28, 2019 birthday, and then right past their original wedding date of October 4, 2020 (although they did throw a little party then, too, COVID notwithstanding); and straight to October 2, 2021, when a well-heeled crowd descended on The Adelphi for the happy couple’s welcome party. The band kicked everything off with rousing French jazz music, as guests snacked on tea party fare such as deviled eggs with caviar, tea sandwiches and petit fours almost too pretty to eat. ac Denham Tea sommeliers poured sophisticated and Clark Gale like to have a good time, selections, and of course, there was and they always knew they wanted enough bubbly on hand for the entire that vibe showcased at their wedding. town of Saratoga to toast the couple. Already longtime fans of Saratoga, Then there were the outfits. experiencing the Caroline “Everyone understood Street festivities on the assignment,” laughs Thanksgiving Eve for the Gale about his wellfirst time gave the New dressed guests. “We York City dwellers an idea. wanted the perfect garden “We loved it,” Denham party as the pre-party, with says, and a few months a Kentucky Derby flair.” later they were back The fabulous event at The Adelphi. “We was all them. The music were talking about it was a nod to Denham’s The couple’s vows. and thought, ‘Wouldn’t Louisiana roots; Gale, on it be fun to get married here? When the other hand hails from Messena near we check out, let’s just ask.’ And we the Canadian border, and had been did. We weren’t even engaged yet.” coming to Saratoga since he was a kid. Fast forward more than a year to Both work in the restaurant business, so Gale’s proposal on Denham’s January when it came to planning the tea party

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fit to a tea (top left) This commissioned illustration was the couple’s first wedding gift; (from top) grooms Clark Gale and Zac Denham with wedding guests Nick Williams and Steven Perry at the welcome tea party; Hilary Hancock and husband Chris Worley sipping tea selections curated with Saratoga Tea and Honey Co. owner Haley Stevens; four-legged guest Benny; Hot Club of Saratoga, which Gale and Denham discovered on Broadway a few weeks before the wedding.


put a pin in it (clockwise from top left) Denham’s sister, Camryn, and her fiancé Daniel Fairley; the happy couple and their glamorous wedding party; George Deveney, Sr. and daughter Julie; Gale getting a hand with his boutonniere from Hilary Hancock; The Adelphi, preceremony; pals George Deveney, Jr. and Wyatt Ramos; Nick Williams and Marc Giosi; Denham and his parents, Alice and Thad; (center) Denham and Gale with Gale’s family: mom Kimberly Bollinger, dad Clark Sr., and stepmother Sandra Gale.

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“I Do!” 2022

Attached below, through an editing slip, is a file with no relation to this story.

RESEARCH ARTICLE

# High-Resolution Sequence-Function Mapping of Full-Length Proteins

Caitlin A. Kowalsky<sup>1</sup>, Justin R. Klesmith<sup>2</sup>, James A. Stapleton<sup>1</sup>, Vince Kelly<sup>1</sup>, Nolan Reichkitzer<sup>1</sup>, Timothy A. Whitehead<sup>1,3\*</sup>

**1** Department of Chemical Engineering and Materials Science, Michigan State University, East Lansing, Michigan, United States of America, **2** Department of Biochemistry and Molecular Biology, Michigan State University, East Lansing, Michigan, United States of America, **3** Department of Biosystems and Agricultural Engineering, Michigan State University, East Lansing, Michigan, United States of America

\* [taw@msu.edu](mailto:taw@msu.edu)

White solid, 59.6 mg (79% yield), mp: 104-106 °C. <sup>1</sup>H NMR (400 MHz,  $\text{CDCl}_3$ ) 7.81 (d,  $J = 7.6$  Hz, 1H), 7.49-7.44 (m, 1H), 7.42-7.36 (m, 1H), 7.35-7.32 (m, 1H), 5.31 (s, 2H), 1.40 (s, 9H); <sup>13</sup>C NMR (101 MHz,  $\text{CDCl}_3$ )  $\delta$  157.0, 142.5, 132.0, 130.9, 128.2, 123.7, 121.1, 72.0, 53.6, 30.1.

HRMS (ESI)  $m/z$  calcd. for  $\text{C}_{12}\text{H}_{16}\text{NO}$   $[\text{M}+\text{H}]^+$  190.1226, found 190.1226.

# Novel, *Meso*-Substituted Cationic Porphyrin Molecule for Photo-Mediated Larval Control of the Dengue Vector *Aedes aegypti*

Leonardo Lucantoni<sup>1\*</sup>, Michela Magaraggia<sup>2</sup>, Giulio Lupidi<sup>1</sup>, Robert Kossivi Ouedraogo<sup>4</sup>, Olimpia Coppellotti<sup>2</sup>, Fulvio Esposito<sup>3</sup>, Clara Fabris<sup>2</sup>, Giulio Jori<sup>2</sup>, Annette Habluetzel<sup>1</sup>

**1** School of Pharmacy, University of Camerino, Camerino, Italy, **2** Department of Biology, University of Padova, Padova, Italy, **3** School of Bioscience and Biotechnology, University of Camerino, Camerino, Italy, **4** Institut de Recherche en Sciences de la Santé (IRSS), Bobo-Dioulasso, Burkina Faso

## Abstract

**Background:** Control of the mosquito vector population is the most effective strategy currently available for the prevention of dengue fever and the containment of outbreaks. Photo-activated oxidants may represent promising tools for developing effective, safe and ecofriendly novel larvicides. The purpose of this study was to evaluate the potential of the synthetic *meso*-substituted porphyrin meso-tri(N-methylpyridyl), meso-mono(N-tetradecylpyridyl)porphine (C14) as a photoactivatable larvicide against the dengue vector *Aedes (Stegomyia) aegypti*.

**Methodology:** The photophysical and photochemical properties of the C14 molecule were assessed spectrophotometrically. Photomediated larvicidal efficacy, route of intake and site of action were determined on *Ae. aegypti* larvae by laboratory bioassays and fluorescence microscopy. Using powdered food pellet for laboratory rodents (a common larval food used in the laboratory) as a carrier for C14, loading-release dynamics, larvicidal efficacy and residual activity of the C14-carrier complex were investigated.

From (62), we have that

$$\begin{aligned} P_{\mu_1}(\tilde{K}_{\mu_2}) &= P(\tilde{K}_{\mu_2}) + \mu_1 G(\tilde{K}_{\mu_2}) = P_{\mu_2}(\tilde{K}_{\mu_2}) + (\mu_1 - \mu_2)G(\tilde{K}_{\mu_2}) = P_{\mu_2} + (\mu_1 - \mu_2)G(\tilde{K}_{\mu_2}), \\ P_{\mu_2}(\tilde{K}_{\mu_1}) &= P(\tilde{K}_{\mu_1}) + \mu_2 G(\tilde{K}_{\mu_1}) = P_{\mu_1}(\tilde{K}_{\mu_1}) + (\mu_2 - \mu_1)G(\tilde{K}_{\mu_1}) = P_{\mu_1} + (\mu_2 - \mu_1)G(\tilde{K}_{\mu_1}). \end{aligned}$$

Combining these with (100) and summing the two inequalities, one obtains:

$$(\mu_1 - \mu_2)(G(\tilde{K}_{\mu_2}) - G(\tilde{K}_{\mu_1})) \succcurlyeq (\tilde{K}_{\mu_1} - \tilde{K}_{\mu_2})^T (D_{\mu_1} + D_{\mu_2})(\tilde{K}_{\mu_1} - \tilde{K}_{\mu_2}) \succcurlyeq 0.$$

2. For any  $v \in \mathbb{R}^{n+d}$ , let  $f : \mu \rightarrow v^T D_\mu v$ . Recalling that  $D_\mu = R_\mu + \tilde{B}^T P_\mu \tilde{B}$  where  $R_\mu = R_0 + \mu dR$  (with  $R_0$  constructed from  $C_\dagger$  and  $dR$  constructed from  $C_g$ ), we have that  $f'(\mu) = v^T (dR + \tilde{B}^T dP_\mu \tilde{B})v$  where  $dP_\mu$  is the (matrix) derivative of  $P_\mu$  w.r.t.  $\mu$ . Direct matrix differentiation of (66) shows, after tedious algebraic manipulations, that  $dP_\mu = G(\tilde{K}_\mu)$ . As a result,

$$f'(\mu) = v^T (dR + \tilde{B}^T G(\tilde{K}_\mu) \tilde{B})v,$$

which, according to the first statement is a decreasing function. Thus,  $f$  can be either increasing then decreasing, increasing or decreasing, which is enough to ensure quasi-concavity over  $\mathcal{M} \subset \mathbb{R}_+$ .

(and the sit-down reception dinner the next evening), they were very hands-on, not stopping until it was exactly what they wanted. “Our guests are chefs and restaurant investors, and we were work in F&B, so it had to be right,” Gale says. “We were very involved. We had two tastings for the preparty alone, and the wines were just right. It was a beautiful collaboration.” Because of Gale’s upstate roots, the couple had always spent time in Saratoga, but when COVID-19 hit, it became their sanctuary of sorts, where restrictions were less strict than at home in NYC. “Thank god,” says Denman, “for

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grin and bring it (clockwise from top left) Ring bearer and security detail George Deveney, Jr., Denham’s then-2-year-old nephew; the couple say their vows with friend Lauren Haupt officiating; The Adelphi’s pastry chef, Serena, made the cake; Denham hitting the dance floor; (opposite) the newlyweds seal the deal outside The Adelphi with their two dogs, Max and Marvin.

Saratoga,” where they could sit at a bar and have a drink, and spend more time outside with their dogs, Max and Marvin. Now they’ve taken all of their rich experience from their high-level jobs consulting on other restaurant openings and have chosen Downtown

Saratoga as home to their very first establishment that’s all their own— Bocage, a boutique (you guessed it) champagne bar that will serve tea and light bites such as caviar, oysters and tea sandwiches. It’s set to open soon on Phila Street. “Our end game is to be living here as quickly as possible,” Denham says. “We’re still based in the city but are looking for a second home here now. It’s city-adjacent, and there are good schools for when we have kids.” Sounds like these newlyweds have a lot to clink together two champagne flutes for. Cheers.